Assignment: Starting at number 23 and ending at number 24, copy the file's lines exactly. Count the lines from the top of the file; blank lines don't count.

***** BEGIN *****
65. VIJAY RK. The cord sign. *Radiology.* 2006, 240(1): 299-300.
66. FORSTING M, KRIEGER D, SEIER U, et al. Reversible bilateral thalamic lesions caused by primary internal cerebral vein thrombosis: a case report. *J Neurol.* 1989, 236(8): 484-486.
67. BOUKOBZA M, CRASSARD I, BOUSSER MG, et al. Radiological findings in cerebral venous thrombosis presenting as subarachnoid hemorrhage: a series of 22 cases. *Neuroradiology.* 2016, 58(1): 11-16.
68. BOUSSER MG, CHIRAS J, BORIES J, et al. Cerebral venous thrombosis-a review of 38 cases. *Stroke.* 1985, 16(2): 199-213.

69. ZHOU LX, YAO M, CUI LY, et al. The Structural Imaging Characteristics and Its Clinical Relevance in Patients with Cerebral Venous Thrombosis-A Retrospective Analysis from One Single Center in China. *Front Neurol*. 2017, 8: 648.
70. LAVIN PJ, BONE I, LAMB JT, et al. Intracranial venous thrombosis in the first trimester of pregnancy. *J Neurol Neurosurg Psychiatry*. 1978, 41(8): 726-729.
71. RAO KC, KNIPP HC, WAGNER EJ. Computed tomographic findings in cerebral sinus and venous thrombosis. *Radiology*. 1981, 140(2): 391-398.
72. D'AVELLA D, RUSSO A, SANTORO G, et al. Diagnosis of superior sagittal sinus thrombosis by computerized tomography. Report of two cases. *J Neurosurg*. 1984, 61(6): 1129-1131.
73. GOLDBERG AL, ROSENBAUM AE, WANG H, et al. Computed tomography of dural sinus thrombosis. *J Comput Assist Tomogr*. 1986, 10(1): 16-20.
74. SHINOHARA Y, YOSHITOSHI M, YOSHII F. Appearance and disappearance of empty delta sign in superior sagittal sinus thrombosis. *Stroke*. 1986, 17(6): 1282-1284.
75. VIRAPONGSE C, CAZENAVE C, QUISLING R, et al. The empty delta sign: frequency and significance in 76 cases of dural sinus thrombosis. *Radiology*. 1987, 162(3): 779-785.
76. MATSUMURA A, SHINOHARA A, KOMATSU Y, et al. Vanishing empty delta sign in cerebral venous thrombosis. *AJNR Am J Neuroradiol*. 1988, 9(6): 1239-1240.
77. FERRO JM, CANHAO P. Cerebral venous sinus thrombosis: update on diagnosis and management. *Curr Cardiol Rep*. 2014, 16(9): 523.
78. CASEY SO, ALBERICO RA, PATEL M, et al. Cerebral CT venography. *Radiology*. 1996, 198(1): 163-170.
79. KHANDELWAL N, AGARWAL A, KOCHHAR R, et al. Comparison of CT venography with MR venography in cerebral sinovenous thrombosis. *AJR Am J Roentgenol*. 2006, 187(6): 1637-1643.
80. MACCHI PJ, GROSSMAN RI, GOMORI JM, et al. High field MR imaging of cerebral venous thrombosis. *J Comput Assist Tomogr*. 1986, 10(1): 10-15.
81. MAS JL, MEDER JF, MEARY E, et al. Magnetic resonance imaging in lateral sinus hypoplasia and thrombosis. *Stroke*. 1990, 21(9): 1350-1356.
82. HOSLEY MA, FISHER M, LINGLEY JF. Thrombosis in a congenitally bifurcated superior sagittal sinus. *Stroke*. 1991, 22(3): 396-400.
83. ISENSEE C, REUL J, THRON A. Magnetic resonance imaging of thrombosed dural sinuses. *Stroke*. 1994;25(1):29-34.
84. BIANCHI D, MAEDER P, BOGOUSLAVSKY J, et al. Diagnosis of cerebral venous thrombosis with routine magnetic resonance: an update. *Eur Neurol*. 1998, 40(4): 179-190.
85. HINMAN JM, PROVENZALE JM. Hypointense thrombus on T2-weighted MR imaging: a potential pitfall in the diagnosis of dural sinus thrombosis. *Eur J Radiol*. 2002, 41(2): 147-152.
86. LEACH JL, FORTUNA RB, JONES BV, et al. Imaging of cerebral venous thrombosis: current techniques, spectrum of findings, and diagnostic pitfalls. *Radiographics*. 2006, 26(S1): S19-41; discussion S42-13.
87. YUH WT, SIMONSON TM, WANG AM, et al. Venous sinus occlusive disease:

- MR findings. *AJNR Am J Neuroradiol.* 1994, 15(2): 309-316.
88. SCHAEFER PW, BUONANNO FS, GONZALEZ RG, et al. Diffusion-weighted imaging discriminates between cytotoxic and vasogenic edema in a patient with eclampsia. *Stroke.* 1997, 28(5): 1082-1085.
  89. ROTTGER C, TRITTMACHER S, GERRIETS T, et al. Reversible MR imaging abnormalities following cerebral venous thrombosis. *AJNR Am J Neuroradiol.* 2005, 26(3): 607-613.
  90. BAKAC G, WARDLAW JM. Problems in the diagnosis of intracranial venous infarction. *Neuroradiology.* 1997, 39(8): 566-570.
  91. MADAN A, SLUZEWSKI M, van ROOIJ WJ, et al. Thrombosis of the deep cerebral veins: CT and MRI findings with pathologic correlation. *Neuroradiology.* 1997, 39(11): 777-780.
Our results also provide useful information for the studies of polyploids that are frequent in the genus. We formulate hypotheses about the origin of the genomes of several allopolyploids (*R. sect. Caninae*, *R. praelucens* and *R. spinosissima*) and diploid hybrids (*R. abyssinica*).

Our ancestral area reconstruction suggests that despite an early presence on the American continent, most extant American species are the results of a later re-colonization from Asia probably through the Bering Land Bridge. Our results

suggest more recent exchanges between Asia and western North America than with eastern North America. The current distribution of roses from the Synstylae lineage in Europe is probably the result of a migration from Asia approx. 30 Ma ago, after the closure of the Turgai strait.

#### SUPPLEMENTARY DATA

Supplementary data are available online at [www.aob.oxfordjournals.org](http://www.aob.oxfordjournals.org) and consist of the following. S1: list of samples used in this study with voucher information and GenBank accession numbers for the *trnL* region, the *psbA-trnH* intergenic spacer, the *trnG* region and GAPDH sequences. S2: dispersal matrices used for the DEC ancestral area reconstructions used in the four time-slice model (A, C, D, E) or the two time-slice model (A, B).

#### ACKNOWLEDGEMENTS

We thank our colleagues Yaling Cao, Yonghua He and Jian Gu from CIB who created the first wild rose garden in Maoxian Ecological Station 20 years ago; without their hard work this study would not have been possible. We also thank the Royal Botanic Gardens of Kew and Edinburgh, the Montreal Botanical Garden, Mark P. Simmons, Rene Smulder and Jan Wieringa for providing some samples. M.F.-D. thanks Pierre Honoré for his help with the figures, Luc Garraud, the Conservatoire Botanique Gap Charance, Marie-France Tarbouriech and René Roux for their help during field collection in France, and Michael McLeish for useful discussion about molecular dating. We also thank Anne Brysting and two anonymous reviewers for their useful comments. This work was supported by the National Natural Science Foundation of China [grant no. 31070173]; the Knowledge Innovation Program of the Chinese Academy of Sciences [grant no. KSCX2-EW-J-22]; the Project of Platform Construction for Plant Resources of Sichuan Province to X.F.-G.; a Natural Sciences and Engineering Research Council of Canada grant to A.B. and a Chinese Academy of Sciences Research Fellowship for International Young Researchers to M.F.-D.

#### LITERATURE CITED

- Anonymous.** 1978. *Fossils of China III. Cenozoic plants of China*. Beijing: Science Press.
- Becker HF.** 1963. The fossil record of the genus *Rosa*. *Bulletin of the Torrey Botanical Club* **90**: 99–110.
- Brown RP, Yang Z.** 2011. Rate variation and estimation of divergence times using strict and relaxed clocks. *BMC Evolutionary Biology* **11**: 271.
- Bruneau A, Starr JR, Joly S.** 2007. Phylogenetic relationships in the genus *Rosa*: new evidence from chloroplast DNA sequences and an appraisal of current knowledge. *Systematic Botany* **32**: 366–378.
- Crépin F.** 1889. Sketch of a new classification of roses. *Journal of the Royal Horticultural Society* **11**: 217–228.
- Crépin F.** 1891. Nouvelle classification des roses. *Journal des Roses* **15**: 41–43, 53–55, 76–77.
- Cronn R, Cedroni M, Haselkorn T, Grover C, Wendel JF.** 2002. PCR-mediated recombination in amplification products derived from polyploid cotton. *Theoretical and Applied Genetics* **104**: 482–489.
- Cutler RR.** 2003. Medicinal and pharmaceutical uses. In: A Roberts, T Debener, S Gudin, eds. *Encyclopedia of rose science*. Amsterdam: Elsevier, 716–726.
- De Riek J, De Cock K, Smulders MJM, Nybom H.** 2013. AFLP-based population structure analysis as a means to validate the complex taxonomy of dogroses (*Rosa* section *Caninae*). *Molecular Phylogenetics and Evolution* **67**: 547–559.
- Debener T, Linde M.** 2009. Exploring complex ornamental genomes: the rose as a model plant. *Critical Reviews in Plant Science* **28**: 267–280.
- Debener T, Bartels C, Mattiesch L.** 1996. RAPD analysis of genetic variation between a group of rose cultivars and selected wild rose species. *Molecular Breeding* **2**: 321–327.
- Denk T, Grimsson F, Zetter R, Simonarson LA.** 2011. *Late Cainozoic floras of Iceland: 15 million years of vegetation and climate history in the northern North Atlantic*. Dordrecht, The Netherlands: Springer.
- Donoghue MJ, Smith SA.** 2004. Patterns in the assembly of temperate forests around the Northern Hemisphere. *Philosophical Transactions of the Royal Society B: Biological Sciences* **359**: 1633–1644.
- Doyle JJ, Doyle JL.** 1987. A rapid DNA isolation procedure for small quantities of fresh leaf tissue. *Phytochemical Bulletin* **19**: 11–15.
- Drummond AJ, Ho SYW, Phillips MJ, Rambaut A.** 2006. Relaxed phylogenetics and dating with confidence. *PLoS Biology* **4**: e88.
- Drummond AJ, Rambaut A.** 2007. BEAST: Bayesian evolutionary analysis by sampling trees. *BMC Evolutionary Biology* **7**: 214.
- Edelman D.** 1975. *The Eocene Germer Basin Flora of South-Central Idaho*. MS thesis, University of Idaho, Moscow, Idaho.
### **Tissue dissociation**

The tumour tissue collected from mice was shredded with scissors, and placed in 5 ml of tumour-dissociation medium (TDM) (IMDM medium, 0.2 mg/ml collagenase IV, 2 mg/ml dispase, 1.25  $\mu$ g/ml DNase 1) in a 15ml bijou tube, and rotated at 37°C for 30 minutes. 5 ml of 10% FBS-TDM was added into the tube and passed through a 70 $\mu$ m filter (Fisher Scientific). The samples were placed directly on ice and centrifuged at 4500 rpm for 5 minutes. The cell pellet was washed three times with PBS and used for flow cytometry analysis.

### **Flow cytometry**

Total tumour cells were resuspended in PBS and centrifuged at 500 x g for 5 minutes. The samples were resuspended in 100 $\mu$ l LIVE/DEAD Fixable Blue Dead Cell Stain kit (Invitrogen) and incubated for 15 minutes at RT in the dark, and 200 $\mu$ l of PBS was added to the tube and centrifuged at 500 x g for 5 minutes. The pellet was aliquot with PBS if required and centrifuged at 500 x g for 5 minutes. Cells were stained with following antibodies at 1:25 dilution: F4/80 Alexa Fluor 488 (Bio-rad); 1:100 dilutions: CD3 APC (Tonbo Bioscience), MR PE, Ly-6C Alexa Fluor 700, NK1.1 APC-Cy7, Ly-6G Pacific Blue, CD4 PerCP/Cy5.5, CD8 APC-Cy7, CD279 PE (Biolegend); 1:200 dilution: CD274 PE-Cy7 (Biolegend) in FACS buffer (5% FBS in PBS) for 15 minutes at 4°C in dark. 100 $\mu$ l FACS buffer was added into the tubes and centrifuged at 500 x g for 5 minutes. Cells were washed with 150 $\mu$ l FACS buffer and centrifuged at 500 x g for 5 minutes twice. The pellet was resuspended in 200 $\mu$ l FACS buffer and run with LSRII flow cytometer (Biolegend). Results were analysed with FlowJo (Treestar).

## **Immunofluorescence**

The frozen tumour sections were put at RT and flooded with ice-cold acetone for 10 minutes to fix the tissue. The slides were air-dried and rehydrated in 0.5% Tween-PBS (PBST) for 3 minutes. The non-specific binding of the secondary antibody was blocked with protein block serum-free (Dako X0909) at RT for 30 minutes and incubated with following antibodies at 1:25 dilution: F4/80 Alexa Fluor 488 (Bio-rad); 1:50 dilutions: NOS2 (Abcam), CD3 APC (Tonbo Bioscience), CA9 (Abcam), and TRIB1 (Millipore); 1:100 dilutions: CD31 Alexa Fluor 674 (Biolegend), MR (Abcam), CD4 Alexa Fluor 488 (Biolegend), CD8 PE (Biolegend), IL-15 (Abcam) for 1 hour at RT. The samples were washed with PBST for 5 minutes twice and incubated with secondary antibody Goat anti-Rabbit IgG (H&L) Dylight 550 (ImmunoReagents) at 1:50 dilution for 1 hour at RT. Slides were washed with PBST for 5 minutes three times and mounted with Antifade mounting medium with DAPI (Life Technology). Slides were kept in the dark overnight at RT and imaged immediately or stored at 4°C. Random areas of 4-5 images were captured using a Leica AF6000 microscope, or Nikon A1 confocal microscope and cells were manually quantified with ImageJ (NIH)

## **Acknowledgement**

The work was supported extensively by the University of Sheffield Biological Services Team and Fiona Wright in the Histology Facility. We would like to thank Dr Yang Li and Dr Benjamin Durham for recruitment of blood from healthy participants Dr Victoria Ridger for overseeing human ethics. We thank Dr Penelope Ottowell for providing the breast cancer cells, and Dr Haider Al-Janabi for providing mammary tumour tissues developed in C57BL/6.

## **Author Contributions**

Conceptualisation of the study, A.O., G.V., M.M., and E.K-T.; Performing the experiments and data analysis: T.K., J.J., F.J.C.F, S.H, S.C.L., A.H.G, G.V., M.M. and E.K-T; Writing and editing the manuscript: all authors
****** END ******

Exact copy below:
87. YUH WT, SIMONSON TM, WANG AM, et al. Venous sinus occlusive disease:

- MR findings. *AJNR Am J Neuroradiol.* 1994, 15(2): 309-316.